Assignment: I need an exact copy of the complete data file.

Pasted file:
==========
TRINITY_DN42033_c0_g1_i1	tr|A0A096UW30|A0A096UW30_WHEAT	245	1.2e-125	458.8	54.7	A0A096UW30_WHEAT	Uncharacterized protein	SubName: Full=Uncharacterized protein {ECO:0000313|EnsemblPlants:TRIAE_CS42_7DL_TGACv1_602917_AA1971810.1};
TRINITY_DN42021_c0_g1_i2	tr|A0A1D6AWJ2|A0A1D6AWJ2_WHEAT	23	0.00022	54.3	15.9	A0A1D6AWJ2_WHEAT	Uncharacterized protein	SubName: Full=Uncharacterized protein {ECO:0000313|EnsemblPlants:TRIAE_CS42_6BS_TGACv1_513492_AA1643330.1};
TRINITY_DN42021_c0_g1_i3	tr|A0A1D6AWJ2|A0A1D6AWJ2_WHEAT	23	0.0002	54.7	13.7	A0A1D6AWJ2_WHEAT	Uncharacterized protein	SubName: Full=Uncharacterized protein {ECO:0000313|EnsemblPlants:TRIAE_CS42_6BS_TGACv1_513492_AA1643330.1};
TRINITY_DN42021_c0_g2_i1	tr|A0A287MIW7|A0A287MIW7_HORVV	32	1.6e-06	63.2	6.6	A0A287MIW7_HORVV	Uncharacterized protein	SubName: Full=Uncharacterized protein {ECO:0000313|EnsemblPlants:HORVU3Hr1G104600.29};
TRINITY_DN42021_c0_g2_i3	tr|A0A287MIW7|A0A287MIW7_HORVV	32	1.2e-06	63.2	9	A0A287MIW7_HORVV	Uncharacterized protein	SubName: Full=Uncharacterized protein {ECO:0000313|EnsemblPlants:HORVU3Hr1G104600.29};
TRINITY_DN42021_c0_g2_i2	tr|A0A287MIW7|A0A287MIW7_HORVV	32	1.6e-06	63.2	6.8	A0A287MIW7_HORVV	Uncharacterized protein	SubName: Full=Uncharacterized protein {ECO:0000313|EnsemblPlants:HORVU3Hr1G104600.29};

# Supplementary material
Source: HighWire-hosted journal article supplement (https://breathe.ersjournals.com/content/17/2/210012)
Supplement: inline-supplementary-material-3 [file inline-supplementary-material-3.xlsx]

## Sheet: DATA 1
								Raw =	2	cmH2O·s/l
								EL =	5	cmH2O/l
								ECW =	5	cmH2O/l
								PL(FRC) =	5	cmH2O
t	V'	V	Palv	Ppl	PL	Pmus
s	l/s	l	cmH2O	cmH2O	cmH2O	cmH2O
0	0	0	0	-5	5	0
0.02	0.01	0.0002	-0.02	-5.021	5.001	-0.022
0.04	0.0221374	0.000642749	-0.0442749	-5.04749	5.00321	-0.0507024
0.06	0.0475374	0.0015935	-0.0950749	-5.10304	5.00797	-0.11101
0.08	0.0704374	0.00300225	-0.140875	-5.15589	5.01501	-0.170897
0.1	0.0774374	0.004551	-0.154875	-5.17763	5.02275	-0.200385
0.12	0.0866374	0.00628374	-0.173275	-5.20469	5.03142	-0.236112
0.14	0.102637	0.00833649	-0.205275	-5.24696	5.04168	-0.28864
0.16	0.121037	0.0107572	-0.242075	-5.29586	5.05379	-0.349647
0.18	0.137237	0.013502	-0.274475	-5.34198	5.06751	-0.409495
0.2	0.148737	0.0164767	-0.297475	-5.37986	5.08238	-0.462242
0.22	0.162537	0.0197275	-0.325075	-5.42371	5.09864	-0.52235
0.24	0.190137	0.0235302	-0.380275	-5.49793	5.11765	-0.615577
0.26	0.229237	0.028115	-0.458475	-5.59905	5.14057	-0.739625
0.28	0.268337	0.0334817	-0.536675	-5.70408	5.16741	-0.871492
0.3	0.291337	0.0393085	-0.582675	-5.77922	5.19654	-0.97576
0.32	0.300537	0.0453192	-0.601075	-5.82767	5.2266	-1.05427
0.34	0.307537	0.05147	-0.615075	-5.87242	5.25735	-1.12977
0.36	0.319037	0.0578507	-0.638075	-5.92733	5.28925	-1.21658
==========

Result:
TRINITY_DN42033_c0_g1_i1	tr|A0A096UW30|A0A096UW30_WHEAT	245	1.2e-125	458.8	54.7	A0A096UW30_WHEAT	Uncharacterized protein	SubName: Full=Uncharacterized protein {ECO:0000313|EnsemblPlants:TRIAE_CS42_7DL_TGACv1_602917_AA1971810.1};
TRINITY_DN42021_c0_g1_i2	tr|A0A1D6AWJ2|A0A1D6AWJ2_WHEAT	23	0.00022	54.3	15.9	A0A1D6AWJ2_WHEAT	Uncharacterized protein	SubName: Full=Uncharacterized protein {ECO:0000313|EnsemblPlants:TRIAE_CS42_6BS_TGACv1_513492_AA1643330.1};
TRINITY_DN42021_c0_g1_i3	tr|A0A1D6AWJ2|A0A1D6AWJ2_WHEAT	23	0.0002	54.7	13.7	A0A1D6AWJ2_WHEAT	Uncharacterized protein	SubName: Full=Uncharacterized protein {ECO:0000313|EnsemblPlants:TRIAE_CS42_6BS_TGACv1_513492_AA1643330.1};
TRINITY_DN42021_c0_g2_i1	tr|A0A287MIW7|A0A287MIW7_HORVV	32	1.6e-06	63.2	6.6	A0A287MIW7_HORVV	Uncharacterized protein	SubName: Full=Uncharacterized protein {ECO:0000313|EnsemblPlants:HORVU3Hr1G104600.29};
TRINITY_DN42021_c0_g2_i3	tr|A0A287MIW7|A0A287MIW7_HORVV	32	1.2e-06	63.2	9	A0A287MIW7_HORVV	Uncharacterized protein	SubName: Full=Uncharacterized protein {ECO:0000313|EnsemblPlants:HORVU3Hr1G104600.29};
TRINITY_DN42021_c0_g2_i2	tr|A0A287MIW7|A0A287MIW7_HORVV	32	1.6e-06	63.2	6.8	A0A287MIW7_HORVV	Uncharacterized protein	SubName: Full=Uncharacterized protein {ECO:0000313|EnsemblPlants:HORVU3Hr1G104600.29};

# Supplementary material
Source: HighWire-hosted journal article supplement (https://breathe.ersjournals.com/content/17/2/210012)
Supplement: inline-supplementary-material-3 [file inline-supplementary-material-3.xlsx]

## Sheet: DATA 1
								Raw =	2	cmH2O·s/l
								EL =	5	cmH2O/l
								ECW =	5	cmH2O/l
								PL(FRC) =	5	cmH2O
t	V'	V	Palv	Ppl	PL	Pmus
s	l/s	l	cmH2O	cmH2O	cmH2O	cmH2O
0	0	0	0	-5	5	0
0.02	0.01	0.0002	-0.02	-5.021	5.001	-0.022
0.04	0.0221374	0.000642749	-0.0442749	-5.04749	5.00321	-0.0507024
0.06	0.0475374	0.0015935	-0.0950749	-5.10304	5.00797	-0.11101
0.08	0.0704374	0.00300225	-0.140875	-5.15589	5.01501	-0.170897
0.1	0.0774374	0.004551	-0.154875	-5.17763	5.02275	-0.200385
0.12	0.0866374	0.00628374	-0.173275	-5.20469	5.03142	-0.236112
0.14	0.102637	0.00833649	-0.205275	-5.24696	5.04168	-0.28864
0.16	0.121037	0.0107572	-0.242075	-5.29586	5.05379	-0.349647
0.18	0.137237	0.013502	-0.274475	-5.34198	5.06751	-0.409495
0.2	0.148737	0.0164767	-0.297475	-5.37986	5.08238	-0.462242
0.22	0.162537	0.0197275	-0.325075	-5.42371	5.09864	-0.52235
0.24	0.190137	0.0235302	-0.380275	-5.49793	5.11765	-0.615577
0.26	0.229237	0.028115	-0.458475	-5.59905	5.14057	-0.739625
0.28	0.268337	0.0334817	-0.536675	-5.70408	5.16741	-0.871492
0.3	0.291337	0.0393085	-0.582675	-5.77922	5.19654	-0.97576
0.32	0.300537	0.0453192	-0.601075	-5.82767	5.2266	-1.05427
0.34	0.307537	0.05147	-0.615075	-5.87242	5.25735	-1.12977
0.36	0.319037	0.0578507	-0.638075	-5.92733	5.28925	-1.21658